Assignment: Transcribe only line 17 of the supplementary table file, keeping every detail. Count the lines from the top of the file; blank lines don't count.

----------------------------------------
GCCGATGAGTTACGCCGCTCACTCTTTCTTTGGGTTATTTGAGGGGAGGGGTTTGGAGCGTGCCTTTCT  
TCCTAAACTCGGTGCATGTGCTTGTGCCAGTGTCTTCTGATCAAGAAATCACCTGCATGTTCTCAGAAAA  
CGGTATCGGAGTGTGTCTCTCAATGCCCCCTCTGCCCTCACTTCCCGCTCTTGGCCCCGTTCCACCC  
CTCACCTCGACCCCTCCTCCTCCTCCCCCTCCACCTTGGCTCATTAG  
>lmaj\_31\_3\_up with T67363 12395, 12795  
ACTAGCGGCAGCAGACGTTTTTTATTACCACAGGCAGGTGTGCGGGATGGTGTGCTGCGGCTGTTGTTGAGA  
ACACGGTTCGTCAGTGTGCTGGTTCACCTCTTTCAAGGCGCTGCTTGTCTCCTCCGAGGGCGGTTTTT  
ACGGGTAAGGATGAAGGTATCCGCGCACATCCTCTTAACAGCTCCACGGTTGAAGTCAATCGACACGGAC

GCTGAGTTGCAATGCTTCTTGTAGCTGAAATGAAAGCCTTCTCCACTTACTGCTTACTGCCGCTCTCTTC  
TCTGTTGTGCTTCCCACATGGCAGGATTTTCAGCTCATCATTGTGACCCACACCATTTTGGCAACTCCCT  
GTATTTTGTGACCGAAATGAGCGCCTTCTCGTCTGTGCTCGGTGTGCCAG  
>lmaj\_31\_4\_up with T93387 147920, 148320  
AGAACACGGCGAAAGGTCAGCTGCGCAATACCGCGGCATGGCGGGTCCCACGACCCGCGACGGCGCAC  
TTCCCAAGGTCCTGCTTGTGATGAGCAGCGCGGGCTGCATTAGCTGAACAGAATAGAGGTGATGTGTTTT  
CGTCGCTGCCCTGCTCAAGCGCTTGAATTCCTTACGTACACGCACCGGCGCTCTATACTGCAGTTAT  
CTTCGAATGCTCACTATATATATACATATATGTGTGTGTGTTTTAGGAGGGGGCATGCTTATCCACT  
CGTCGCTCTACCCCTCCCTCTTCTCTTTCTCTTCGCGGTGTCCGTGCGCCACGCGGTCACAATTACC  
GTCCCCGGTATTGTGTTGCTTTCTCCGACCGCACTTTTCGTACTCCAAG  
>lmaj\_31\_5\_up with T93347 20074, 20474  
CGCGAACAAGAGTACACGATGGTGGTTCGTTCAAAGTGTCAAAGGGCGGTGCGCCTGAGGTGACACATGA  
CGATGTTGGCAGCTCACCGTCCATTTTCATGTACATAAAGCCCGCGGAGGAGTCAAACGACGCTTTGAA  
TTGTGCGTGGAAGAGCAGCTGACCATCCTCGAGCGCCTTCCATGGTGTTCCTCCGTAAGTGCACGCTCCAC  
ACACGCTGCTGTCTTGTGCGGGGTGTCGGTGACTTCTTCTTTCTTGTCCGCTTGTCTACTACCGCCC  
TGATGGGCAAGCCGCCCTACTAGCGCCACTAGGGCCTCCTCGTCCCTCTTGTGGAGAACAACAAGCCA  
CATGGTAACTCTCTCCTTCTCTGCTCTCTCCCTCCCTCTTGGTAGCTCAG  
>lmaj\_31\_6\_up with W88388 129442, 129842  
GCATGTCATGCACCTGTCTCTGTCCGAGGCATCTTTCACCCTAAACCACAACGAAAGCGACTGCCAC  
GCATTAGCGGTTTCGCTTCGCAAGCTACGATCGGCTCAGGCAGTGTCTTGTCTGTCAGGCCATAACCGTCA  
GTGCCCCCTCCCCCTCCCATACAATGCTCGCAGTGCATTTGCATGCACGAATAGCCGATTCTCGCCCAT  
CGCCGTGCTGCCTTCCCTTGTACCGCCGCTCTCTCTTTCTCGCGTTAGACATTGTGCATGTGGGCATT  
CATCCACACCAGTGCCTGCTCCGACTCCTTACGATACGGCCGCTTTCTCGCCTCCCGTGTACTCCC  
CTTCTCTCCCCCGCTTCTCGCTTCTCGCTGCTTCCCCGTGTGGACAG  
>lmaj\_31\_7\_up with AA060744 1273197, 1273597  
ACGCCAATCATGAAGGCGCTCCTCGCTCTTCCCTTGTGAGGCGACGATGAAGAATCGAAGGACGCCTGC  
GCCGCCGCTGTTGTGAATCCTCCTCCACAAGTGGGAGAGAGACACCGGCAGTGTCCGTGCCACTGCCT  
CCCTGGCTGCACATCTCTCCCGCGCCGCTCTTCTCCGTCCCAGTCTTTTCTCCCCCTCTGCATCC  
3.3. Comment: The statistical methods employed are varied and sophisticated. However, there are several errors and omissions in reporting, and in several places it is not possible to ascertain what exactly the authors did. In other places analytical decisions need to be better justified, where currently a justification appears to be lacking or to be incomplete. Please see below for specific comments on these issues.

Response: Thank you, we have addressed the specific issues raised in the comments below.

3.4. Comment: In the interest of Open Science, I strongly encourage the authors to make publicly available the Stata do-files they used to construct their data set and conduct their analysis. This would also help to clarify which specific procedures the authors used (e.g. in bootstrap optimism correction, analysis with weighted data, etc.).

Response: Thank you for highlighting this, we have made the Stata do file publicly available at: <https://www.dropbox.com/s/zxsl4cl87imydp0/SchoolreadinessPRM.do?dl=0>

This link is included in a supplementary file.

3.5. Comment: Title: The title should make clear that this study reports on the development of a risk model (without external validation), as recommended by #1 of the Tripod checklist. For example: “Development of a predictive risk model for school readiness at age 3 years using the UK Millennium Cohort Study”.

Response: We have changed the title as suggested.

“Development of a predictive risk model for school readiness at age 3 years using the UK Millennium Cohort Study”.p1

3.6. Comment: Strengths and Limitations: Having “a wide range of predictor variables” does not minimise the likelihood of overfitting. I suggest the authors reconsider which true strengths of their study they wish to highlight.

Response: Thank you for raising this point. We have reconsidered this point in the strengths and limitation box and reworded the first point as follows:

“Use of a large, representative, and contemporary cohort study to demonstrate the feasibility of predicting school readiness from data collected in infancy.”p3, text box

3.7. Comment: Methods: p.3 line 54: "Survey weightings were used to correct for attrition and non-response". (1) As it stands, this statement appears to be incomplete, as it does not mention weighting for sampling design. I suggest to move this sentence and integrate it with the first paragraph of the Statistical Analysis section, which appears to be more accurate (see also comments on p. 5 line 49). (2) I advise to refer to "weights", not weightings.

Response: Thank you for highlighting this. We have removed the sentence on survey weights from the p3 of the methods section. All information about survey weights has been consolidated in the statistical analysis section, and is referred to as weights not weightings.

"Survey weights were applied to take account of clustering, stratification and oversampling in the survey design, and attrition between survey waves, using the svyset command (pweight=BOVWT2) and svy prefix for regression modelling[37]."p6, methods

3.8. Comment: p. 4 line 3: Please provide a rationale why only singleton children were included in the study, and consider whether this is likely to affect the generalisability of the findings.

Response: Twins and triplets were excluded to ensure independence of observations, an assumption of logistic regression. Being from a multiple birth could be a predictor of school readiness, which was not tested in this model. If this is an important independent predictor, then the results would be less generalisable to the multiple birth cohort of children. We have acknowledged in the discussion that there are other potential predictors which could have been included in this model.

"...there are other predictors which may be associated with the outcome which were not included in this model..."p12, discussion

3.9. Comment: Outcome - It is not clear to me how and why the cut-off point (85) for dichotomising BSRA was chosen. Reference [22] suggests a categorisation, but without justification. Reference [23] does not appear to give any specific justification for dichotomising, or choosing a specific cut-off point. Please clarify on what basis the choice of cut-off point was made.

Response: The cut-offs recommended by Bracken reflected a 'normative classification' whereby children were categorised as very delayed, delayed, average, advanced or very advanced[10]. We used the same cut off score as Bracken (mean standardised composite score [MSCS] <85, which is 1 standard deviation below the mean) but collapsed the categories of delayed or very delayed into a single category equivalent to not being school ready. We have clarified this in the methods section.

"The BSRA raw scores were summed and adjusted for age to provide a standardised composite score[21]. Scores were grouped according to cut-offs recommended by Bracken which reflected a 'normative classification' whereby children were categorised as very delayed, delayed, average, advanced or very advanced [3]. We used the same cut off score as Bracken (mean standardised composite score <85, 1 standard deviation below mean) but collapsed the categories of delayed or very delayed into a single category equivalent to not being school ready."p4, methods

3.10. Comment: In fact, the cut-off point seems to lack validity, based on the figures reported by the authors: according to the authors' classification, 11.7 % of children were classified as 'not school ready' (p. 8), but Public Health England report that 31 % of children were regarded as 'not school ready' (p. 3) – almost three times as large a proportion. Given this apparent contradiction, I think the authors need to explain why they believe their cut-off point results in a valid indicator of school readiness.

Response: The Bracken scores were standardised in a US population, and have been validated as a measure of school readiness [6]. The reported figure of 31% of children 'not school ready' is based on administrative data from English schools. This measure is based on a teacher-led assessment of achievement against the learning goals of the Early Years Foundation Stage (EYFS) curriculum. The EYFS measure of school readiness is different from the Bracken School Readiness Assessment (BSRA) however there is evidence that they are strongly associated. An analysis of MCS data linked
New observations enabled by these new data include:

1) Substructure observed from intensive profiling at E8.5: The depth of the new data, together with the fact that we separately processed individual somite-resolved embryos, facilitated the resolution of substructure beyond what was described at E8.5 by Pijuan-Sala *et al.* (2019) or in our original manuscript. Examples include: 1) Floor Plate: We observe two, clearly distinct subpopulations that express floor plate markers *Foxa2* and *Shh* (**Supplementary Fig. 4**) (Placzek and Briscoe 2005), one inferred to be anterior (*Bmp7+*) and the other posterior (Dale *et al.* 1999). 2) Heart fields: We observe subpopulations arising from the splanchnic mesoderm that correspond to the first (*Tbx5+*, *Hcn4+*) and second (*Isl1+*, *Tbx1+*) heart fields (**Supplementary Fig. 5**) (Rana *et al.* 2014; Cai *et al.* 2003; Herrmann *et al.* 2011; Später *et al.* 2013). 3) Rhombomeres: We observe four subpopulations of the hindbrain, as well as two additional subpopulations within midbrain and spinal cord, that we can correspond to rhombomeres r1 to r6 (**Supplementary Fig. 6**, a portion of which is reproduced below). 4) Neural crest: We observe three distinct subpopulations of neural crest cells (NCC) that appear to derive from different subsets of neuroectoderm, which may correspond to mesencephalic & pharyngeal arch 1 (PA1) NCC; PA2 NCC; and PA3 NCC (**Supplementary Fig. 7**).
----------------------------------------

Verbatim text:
CGTCGCTCTACCCCTCCCTCTTCTCTTTCTCTTCGCGGTGTCCGTGCGCCACGCGGTCACAATTACC  